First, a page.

What is High Blood Pressure and Why Does it Matter?
A consistently high blood pressure may cause damage to the inside of your blood vessels. The higher the pressure is inside the vessels, the higher the amounts of shear stress against the wall that blood vessel. This can lead to vessel damage and start the cycle of blood vessel narrowing. Imagine this example, the faster a river is flowing, the more erosion on the sides of the bank for that river .
When there is damage to the inside of the blood vessels, plaque and clots begin to form in the areas of damage. This build up of plaque and clotting materials then in turn narrows the blood vessels, decreasing the area to which blood can flow and in turn increases flow resistance and BP even more. This is serious and causes many different serious life threatening problems including:
- Heart Attack: The consistent damage to the inside of the blood vessels can cause blockage and prevent blood from reaching our heart muscles.
- Stroke: Damage to the blood vessels can cause the vessels within the brain to clog or even break causing a stroke.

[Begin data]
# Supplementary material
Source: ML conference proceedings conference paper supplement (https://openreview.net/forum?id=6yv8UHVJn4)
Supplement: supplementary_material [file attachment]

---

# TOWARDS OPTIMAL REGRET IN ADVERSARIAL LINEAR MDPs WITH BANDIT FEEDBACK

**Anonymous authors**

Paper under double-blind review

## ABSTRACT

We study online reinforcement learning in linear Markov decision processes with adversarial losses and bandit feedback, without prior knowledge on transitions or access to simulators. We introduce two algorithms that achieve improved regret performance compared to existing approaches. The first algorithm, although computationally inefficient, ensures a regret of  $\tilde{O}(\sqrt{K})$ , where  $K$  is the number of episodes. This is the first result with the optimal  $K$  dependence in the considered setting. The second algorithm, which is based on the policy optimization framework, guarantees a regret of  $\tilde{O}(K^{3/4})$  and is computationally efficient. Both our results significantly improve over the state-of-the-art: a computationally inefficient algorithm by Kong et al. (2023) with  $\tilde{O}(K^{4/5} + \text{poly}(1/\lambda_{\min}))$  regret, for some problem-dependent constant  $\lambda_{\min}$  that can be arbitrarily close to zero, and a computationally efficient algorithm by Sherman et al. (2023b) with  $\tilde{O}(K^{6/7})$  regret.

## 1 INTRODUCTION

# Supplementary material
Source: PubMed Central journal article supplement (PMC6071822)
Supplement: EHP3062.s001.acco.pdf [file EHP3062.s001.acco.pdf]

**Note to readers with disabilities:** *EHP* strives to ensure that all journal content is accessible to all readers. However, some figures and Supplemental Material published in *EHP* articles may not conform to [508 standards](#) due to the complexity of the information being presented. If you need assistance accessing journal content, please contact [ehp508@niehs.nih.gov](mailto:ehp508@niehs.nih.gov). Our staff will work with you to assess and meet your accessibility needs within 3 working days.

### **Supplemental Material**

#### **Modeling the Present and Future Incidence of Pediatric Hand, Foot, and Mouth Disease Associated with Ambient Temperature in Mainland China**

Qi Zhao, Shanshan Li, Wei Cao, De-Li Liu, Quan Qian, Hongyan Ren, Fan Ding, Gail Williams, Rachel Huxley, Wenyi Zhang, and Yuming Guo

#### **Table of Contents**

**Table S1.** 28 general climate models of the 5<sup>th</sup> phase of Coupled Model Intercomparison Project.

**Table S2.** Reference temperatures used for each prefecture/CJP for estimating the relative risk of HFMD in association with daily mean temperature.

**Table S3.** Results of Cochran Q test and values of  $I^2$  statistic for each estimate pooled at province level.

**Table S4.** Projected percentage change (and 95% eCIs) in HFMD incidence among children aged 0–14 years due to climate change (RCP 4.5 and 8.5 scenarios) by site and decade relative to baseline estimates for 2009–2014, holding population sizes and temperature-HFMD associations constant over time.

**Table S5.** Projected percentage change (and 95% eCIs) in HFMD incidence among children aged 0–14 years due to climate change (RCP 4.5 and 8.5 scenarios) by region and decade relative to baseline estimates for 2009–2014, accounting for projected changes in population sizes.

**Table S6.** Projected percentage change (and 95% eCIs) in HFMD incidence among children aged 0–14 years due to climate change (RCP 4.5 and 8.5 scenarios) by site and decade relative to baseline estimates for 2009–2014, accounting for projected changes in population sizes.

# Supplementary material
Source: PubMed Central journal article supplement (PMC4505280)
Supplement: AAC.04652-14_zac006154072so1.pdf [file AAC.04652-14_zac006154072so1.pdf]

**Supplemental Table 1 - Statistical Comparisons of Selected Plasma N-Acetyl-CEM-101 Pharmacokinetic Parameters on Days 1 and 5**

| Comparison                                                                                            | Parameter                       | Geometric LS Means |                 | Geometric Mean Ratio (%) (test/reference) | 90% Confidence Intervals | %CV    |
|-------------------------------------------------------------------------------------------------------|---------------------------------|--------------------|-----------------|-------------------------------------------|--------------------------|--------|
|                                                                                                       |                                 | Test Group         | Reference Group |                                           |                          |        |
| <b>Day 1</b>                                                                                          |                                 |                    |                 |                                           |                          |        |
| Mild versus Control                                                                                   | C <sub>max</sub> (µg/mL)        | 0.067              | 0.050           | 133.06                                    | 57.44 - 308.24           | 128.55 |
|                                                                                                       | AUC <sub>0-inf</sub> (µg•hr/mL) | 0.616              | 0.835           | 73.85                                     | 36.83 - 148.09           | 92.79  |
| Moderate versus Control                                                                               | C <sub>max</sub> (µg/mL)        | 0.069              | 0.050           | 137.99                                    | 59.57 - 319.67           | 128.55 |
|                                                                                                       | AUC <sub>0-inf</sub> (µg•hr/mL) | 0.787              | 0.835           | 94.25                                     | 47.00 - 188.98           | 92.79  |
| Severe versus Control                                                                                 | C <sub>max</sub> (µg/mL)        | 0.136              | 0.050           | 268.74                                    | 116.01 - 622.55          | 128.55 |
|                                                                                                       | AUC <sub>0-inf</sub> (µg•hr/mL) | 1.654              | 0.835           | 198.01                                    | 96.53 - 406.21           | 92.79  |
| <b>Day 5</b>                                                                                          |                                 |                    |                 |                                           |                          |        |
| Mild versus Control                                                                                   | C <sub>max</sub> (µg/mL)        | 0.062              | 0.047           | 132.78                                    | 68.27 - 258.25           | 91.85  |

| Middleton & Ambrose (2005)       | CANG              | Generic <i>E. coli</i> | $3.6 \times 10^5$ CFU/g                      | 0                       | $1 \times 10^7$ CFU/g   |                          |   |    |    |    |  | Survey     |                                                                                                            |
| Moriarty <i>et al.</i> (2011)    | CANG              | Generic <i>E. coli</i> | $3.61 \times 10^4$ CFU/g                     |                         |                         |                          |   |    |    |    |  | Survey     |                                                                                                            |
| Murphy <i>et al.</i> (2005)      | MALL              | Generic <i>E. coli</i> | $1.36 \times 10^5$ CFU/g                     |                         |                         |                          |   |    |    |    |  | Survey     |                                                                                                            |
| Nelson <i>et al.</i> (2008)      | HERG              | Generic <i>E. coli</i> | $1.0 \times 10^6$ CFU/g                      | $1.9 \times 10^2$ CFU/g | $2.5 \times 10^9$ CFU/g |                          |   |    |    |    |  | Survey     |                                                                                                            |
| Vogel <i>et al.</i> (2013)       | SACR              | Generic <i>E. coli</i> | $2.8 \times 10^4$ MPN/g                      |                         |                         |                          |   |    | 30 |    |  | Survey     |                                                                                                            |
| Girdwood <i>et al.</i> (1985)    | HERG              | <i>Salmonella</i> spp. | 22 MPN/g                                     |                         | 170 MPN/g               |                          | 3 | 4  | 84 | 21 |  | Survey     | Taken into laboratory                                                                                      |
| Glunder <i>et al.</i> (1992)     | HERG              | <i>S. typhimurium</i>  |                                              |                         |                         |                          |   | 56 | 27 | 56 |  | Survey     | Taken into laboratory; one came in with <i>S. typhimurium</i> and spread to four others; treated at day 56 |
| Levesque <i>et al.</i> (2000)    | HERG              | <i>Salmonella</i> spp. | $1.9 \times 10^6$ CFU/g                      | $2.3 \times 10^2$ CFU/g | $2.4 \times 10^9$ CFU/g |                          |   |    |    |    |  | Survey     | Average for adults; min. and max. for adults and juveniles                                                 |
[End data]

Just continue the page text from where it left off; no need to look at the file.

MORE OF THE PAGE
- Kidney Failure: Kidneys play a large role in filtering our blood, high pressure can cause damage to the vessels within the kidney and decrease the ability to filter.
- Angina: Consistent chest pain from prolonged damage to the blood vessels in and around the heart.
- Heart Failure: After having to pump harder and harder against more resistance from prolonged high blood pressure the heart begins hypertrophy or increase in size and have less ability to push blood to the rest of the body.
- Peripheral Artery Disease: The same narrowing of blood vessels mentioned above will also cause narrowing and disease within our vitals organs including liver, stomach, and other internal organs.
High Blood Pressure
What is Normal Blood Pressure?
A normal blood pressure is 120/80 or anything close to that. Everyone’s will be a little different, and may be 121/76 but which is still considered normal. Lifestyle modifications and even medication may be a considered once your systolic is above 130 or the diastolic is about 90. Once you have your readings make sure to share with your doctor if anything concerns you. See the table for abnormal blood readings.